Celibacy has a kind of duck-rabbit quality, at least in my experience.
If you catch me in one mood, and ask me what celibacy is like, I will be inclined to point out that one needs to be honest about the struggles and frustrations that go with it, and recognize how difficult a burden Christian teaching places on gays and lesbians (in saying this, of course, I do not mean that chastity outside marriage or fidelity in marriage are easy for everyone else). But after babbling on in that line for a while I will catch myself, and say that, of course, celibacy is also probably one of the most beautiful things in the world.
If you ask me the same question in another mood, I will tell you a great deal about the beauty of chastity, and how much I have grown spiritually through the discipline of celibacy. But after waxing lyrical on the beauties of celibacy, I’ll pause and say that, of course, there are terrible frustrations and difficulties, as well, and one shouldn’t have sentimental illusions about it.
But to describe it in terms of moods suggests that I am upbeat about celibacy at sometimes, and frustrated at others. There is some truth to this, of course. One’s mental weather does change from time to time and some days are better than others. But even at the best of times, I am not blind to the struggles and frustrations. And even at the worst of times, I can still remember the beauty (if I let myself), even if I do not feel it.
In Gaudium et Spes, the Pastoral Constitution on the Church in the Modern World, the council fathers wrote:
The joys and the hopes, the griefs and the anxieties of the men of this age, especially those who are poor or in any way afflicted, these are the joys and hopes, the griefs and anxieties of the followers of Christ. Indeed, nothing genuinely human fails to raise an echo in their hearts.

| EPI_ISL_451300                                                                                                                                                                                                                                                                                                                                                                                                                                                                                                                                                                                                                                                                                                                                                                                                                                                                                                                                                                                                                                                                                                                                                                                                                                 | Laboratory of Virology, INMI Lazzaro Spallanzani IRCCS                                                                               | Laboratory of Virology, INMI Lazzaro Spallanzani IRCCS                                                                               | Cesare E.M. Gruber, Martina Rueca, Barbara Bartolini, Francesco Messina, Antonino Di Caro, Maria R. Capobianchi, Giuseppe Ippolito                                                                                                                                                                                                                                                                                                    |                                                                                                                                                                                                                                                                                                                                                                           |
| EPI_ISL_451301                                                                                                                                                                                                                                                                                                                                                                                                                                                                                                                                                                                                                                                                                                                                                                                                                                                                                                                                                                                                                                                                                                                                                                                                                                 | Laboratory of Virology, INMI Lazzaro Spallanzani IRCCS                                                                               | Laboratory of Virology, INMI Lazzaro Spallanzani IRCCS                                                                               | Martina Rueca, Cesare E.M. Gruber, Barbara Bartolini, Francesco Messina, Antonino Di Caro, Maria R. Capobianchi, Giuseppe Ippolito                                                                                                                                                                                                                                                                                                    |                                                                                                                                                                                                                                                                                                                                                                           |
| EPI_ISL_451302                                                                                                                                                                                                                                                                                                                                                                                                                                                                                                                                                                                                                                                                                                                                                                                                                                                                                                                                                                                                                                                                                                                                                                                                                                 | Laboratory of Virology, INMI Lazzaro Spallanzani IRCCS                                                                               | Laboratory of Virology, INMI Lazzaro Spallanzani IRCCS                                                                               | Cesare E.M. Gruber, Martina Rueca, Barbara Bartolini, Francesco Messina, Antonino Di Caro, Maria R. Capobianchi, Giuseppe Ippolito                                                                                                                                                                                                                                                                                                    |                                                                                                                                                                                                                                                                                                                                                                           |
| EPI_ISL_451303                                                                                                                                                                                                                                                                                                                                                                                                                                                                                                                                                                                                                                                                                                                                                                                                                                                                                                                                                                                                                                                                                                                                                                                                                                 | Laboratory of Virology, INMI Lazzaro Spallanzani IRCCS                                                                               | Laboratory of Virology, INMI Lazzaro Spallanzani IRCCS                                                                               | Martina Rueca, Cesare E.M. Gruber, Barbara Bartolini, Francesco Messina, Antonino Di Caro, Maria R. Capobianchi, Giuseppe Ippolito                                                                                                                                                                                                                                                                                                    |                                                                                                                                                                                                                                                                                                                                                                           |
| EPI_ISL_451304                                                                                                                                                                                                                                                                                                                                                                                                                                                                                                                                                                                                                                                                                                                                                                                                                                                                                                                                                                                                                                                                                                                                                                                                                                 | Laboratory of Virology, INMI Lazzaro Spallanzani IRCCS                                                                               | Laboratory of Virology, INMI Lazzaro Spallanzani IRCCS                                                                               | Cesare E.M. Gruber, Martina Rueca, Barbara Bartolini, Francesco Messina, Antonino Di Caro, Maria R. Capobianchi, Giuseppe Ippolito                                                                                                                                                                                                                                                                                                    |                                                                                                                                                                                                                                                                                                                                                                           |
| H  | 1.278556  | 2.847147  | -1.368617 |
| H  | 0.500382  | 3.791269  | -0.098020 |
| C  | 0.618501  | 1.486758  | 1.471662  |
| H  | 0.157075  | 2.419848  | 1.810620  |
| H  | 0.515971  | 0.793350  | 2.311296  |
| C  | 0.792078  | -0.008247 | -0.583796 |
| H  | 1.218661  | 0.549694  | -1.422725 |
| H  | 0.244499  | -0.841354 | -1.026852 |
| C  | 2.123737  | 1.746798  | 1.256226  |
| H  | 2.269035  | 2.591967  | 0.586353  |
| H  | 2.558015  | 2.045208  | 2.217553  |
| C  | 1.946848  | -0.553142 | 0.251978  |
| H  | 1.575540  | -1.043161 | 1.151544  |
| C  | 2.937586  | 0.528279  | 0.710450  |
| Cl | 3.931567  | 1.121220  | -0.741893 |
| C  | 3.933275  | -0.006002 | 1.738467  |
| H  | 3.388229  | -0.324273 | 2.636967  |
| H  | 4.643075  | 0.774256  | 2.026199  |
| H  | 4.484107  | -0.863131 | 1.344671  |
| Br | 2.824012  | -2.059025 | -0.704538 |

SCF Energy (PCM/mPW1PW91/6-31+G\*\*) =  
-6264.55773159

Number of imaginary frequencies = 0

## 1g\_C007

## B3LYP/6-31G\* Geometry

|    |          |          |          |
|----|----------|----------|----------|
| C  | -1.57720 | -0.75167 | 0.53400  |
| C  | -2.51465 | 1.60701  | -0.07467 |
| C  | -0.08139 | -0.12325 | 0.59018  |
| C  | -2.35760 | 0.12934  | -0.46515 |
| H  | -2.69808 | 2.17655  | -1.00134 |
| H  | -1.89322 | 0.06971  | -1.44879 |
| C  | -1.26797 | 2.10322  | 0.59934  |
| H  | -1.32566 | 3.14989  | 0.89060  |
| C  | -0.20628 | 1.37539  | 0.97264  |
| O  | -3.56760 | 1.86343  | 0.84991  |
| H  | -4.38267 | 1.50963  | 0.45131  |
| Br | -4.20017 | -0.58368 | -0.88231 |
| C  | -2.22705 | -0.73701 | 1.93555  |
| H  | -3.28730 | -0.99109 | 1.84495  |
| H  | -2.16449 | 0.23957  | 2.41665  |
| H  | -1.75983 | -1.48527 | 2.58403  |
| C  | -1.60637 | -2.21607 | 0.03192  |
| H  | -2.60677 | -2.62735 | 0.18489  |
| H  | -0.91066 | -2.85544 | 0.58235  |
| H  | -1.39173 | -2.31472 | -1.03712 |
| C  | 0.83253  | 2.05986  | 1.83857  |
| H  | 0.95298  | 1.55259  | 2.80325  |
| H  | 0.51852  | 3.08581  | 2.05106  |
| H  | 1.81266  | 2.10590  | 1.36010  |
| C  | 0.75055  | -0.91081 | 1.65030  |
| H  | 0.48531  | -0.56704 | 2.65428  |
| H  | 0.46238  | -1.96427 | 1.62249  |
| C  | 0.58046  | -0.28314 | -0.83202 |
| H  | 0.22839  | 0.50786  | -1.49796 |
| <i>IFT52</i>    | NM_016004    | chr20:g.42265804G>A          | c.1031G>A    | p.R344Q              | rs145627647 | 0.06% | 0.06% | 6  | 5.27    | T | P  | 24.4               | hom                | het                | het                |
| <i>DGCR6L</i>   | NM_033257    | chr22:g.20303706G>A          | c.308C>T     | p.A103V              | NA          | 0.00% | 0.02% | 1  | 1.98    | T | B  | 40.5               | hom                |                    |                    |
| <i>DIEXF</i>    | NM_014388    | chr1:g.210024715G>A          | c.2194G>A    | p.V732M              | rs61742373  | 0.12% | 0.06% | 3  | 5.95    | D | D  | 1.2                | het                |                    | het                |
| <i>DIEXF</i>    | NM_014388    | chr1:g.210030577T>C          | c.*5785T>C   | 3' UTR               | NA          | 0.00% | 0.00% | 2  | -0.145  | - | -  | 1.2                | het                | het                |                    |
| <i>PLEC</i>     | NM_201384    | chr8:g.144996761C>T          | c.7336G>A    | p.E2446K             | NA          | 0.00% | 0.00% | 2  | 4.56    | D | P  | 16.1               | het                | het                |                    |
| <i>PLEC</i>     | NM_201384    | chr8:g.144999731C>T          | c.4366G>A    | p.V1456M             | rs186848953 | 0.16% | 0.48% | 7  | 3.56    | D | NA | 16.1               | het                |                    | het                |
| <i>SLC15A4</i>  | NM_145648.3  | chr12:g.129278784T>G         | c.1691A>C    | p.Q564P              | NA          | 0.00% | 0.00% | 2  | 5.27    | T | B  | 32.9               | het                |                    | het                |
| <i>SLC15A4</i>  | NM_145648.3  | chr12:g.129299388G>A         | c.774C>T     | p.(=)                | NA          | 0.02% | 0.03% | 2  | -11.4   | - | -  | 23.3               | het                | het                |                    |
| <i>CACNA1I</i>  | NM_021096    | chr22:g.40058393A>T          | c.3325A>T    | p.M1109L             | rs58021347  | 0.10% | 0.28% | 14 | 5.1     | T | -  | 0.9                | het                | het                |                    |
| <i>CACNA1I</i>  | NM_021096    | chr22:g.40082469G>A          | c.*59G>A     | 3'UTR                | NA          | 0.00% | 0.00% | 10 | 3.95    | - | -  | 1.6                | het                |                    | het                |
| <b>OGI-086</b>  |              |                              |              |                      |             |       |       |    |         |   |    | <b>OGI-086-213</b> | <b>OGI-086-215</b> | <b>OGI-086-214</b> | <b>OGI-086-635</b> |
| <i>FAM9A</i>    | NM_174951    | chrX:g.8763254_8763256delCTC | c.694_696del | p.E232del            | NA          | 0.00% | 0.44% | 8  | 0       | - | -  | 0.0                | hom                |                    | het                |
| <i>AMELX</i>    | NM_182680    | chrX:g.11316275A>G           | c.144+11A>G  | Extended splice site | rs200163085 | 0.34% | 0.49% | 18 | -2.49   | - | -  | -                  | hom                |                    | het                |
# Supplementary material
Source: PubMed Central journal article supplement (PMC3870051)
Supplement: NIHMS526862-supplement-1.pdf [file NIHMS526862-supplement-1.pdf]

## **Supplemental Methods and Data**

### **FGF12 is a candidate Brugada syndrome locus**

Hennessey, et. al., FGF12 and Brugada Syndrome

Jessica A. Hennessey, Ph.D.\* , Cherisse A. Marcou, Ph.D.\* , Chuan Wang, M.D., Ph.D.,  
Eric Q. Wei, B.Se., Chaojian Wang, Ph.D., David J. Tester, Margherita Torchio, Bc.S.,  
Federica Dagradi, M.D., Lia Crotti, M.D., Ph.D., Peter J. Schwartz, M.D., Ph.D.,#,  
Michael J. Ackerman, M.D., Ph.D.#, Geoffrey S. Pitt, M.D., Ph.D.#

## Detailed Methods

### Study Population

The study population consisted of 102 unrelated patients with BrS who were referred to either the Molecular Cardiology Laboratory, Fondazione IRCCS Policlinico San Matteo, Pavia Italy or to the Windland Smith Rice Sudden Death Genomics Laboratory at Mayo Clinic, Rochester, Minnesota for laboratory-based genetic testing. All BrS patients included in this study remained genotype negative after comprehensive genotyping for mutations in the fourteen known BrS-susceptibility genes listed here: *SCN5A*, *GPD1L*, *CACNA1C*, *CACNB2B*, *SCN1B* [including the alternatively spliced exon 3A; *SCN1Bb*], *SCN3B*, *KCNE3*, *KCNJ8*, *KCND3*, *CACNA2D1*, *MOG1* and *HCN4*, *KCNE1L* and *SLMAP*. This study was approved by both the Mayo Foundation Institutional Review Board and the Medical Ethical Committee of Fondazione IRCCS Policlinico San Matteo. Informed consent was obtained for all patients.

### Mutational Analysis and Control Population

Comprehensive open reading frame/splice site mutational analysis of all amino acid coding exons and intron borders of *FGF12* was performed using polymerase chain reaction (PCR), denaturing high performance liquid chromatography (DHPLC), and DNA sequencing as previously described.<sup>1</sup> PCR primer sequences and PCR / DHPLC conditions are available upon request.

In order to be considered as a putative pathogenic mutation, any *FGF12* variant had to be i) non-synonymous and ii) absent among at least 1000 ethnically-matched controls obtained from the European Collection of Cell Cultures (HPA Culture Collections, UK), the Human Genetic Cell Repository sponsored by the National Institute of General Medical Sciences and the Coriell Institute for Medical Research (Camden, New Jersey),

Joy and hope, grief, anxiety, and affliction are inextricably woven into every part of the fabric of human life. But writing about this is a challenge. I struggle to find the right balance between these contrasting aspects of the experience when explaining celibacy (or marriage, for those called to that vocation) to those who ask.
But even to talk about “finding a balance” isn’t quite right. Today, I found a better way to speak than “balance,” one that I think captures this tension well.
I was reading the Summa (Ia-IIae 40, on the irascible passions, for those keeping score at home), and was reminded of one of Thomas’s stunningly beautiful phrases: “an arduous good.” It’s philosophy as poetry, succinctly compressing a wealth of meaning into a simple phrase.
An arduous good is a good that requires struggle. A good that is worth fighting for. And a good that inspires fear and hope and endurance in the face of adversity.
“Arduous good” is also a phrase that is seldom spoken in Hollywood, and almost never heard on Madison Avenue. In that silence, the poverty of our culture is laid bare.
Celibacy is an arduous good, like marriage, or grad school, or climbing Mt. Rainier, or raising children.
Salvation, too, is an arduous good, a treasure buried in a field, the pearl of great price, for which we will gladly sacrifice everything:
We rejoice in our sufferings, for we know that suffering produces endurance, endurance character, and character hope; and hope does not disappoint us, because the love of God has been poured into our hearts through the Holy Spirit who has been given to us. (Romans 5:3-5)
The same logic has made celibacy both one of the most frustrating and one of the most beautiful experiences of my life.